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Critically Endangered (CR)
Recent Nearby Sightings
Forest Owlet Images
The Forest Owlet (Athene blewitti) is an owl that is endemic to the forests of central India. This species belongs to the typical owls family, Strigidae. After it was described in 1873 and last seen in the wild in 1884, it was considered extinct until it was rediscovered 113 years later in 1997 by Pamela Rasmussen. Searches for the species in the supposed locality where it had been collected had failed and it was found the source of misinformation had been specimens that had been stolen by Richard Meinertzhagen and resubmitted with false location information. It is known from a small number of localities and the populations are very low within the fragmented and shrinking forests of central India, leaving the species critically endangered.
The Forest Owlet is small (23 cm) and stocky. It is a typical owlet with a rather unspotted crown and heavily banded wings and tail. They have a relatively large skull and beak. Unlike the Spotted Owlet, the Forest Owlet has the fewer and fainter spots on the crown and back. The upperparts are dark grey-brown. The upper breast is almost solid brown and the sides are barred with a white central wedge in the lower breast that is sometimes unmarked, especially in males. The primaries are darker and distinct. The wings and tail are banded with white trailing edges. A dark carpal patch on the underwing visible in flight. The facial disc is pale and the eyes are yellow. The species epithet commemorates F. R. Blewitt, the collector of the first specimen that was obtained in December 1872 from Busnah-Phooljan near Basna on the Phuljar highway in eastern Madhya Pradesh. The specimen was sent to Allan Octavian Hume who described it in 1873.
Until its rediscovery in 1997, this owl was known from only seven specimens collected in the nineteenth century, in northern Maharashtra, and south-east Madhya Pradesh/western Orissa. In November 1997 a group of American ornithologists, including Pamela C. Rasmussen, rediscovered the species in foothills of the Satpura Range, north-east of Bombay. In 2000 a survey of 14 forest areas across its former range located 25 birds (using call playback) at four sites in northern Maharashtra and south-western Madhya Pradesh, including three pairs at Taloda Forest Range and seven pairs at Toranmal Forest Range. No birds were found in a brief survey of its former eastern range in Orissa. More recently survey efforts in the Satpura Range added another five sites. The species was also reported from the Chatwa and Padwa forests near Andhra Pradesh by K. S. R. Krishna Raju. The Forest Owlet has sightings from the Talda Forest Range, the Toranmal Forest Range, the Melghat Tiger Reserve, and the Khaknaar Forest Range, all in central India had dense to open deciduous forest. These forest areas had Tectona grandis, Lagerstroemia parvifolia, Boswellia serrata and Lannea grandis. Nest cavities were found in trees at a height of 5 to 8 metres in trees such as Soymida febrifuga. In most areas the trees were too young and lacking cavities suitable for nesting. It has however been reported that human disturbed forests with more clearings within the forests are preferred for foraging.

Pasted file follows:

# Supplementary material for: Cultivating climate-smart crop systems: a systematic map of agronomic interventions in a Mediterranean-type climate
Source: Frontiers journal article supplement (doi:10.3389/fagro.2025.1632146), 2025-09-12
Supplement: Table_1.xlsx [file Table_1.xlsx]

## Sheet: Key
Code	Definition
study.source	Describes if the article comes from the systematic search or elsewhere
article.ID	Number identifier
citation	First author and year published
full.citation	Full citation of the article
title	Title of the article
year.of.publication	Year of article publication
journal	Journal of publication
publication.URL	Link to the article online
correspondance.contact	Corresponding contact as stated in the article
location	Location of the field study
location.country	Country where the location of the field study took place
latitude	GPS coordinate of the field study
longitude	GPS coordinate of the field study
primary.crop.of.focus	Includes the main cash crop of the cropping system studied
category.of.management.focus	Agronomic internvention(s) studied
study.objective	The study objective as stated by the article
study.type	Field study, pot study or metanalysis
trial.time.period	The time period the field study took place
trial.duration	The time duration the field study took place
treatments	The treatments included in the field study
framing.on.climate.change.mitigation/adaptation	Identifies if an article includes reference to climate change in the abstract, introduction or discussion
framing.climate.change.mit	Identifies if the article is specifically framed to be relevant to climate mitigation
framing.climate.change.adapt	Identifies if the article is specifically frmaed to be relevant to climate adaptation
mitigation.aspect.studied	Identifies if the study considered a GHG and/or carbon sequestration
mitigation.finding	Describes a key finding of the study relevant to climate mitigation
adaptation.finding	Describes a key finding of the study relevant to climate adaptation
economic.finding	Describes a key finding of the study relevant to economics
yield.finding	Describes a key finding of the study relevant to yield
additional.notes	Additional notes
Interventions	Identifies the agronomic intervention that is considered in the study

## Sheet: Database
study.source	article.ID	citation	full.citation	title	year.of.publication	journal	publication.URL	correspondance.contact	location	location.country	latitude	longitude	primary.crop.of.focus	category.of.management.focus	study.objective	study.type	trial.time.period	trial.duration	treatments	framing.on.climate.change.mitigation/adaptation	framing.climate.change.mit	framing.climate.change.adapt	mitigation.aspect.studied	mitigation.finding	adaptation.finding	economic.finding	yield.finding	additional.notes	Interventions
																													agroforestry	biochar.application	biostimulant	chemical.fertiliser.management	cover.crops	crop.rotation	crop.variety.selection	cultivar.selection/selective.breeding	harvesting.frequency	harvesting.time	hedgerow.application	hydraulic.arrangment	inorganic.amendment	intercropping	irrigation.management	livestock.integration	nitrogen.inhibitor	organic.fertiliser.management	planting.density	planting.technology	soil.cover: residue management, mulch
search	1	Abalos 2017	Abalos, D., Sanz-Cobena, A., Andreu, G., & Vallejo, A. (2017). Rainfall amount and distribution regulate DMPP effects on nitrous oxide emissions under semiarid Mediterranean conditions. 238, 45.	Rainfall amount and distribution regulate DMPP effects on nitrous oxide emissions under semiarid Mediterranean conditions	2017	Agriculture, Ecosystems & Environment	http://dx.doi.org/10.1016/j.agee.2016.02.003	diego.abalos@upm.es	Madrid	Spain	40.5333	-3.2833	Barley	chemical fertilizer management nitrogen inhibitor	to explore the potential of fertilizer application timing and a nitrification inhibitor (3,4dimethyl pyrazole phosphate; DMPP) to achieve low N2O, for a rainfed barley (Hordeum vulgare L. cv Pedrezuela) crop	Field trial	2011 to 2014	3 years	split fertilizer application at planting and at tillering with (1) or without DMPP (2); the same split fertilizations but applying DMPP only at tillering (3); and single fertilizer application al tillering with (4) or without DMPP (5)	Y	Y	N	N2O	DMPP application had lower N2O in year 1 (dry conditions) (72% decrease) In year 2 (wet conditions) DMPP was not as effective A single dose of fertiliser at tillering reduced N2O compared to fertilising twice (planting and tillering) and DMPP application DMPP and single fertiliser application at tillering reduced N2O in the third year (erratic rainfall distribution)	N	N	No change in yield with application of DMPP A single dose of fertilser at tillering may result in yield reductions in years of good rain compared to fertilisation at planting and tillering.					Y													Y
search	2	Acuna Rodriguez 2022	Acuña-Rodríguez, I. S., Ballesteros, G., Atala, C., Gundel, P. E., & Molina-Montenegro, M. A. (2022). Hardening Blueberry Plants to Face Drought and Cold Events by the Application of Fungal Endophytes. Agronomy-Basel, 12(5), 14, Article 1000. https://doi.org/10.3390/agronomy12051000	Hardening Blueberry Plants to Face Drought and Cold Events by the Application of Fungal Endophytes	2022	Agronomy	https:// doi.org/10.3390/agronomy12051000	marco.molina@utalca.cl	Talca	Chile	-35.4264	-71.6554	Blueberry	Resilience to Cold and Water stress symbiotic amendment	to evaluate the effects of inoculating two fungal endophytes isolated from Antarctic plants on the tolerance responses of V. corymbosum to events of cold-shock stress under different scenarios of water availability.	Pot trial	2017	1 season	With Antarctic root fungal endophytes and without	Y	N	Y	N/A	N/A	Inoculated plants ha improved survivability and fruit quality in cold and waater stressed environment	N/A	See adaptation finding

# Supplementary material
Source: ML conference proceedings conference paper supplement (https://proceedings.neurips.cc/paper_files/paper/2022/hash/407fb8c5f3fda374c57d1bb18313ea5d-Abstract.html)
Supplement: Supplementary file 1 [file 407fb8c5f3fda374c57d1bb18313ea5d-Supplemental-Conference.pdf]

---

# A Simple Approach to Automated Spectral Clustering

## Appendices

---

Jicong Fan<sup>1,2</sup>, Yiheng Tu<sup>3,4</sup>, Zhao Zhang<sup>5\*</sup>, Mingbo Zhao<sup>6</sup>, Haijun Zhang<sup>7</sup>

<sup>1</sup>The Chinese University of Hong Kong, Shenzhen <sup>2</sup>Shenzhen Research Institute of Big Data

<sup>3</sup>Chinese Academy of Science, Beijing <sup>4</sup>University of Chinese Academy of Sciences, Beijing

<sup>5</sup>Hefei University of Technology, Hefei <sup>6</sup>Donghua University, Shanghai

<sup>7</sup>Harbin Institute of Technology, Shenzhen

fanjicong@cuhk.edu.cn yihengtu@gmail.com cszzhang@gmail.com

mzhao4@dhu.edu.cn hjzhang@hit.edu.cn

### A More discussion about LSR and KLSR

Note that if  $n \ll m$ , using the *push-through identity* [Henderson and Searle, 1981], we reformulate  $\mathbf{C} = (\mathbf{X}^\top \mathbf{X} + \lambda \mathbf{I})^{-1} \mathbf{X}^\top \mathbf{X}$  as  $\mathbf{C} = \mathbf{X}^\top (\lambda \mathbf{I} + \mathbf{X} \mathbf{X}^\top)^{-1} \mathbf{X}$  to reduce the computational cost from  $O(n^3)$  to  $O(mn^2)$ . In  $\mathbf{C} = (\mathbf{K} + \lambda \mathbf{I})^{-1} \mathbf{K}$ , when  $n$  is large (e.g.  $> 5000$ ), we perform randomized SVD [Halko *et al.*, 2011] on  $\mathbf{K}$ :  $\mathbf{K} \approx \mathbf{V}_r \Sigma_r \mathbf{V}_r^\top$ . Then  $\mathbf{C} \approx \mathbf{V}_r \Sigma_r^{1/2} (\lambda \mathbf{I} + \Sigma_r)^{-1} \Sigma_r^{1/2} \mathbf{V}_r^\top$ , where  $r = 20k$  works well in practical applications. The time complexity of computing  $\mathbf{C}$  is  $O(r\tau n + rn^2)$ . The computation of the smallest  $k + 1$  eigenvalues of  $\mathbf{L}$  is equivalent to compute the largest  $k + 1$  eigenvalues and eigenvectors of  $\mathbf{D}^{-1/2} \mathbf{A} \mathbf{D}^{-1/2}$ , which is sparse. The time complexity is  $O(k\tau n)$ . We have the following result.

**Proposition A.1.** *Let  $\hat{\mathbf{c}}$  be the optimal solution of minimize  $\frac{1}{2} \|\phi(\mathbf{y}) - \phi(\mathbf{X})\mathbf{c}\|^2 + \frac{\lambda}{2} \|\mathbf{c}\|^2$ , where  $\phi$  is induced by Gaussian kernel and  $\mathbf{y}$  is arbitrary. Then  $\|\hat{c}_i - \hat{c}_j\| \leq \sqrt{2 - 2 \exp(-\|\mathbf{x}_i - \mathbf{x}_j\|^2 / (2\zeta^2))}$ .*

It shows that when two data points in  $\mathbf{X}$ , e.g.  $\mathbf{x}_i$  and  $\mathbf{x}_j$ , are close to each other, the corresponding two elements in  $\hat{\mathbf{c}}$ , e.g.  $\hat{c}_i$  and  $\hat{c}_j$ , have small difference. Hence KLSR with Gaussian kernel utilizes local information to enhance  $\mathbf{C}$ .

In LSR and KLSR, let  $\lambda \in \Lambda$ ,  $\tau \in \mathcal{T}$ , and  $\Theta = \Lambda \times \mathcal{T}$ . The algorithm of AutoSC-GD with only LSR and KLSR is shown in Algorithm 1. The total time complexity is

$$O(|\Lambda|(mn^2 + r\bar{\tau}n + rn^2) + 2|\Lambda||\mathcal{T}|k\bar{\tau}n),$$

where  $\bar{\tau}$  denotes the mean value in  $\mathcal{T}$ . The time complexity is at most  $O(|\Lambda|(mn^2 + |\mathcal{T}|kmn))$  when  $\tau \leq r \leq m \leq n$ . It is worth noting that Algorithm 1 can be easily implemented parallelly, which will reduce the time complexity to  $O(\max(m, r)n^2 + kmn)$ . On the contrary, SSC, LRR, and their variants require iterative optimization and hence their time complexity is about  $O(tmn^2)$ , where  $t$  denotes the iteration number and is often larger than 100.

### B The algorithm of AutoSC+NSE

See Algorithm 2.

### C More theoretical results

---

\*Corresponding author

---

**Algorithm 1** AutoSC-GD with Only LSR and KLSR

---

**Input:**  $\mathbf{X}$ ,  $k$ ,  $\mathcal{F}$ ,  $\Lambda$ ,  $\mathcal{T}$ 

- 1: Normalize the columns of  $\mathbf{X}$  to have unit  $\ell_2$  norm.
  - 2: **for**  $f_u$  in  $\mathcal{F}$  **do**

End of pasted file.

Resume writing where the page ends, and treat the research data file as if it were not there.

These owls typically hunt from perches where they sit still and wait for prey. When perched they flick their tails from side to side rapidly and more excitedly when prey is being chased. It was observed in one study that nearly 60% of prey were lizards(including skinks), 15% rodents, 2% birds and the remaining invertebrates and frogs. When nesting the male hunted and fed the female at nest and the young were fed by the female. The young fledge after 3032 days. The peak courtship season is in January to February during which time they are very responsive to call playback with a mixture of song and territorial calls. They appear to be strongly diurnal although not very active after 10 AM, often hunting during daytime. On cold winter mornings they bask on the tops of tall trees. Filial cannibalism by males has been observed.
They make several different calls. These include a hissing call of short duration. The song calls are short and mellow unlike those of most owls. They are usually disyllabic, oh-owow but sound monosyllabic and each note ascends and descends rapidly. The territorial calls have been transcribed as kwaak kk, kwaa..kk. A contact call of kee yah, keeyah is given when the male brings food to the female at nest. The alarm calls is a chirrur chirrur, chirrchirr while a beeging keek, keek calls is made when young or females seek food.
The Forest Owlet remains critically endangered, and the current population has been estimated at less than 250. It is thought that this owl has always been rare. The original specimens were collected in dense jungle, and the recent sightings in more open forest may represent suboptimal habitat. The forest in the plains in its range has been totally cleared, and there is pressure on the remaining forest resources. A recent reassessment in non-protected areas of Maharashtra and Madhya Pradesh affirms its presence at two places. In Maharashtra a pair was observed (out of 7 pairs in 2004) in Toranmal Reserve Forest and in Madhya Pradesh six individuals were observed in Khaknar (Jathar and Patil 2011).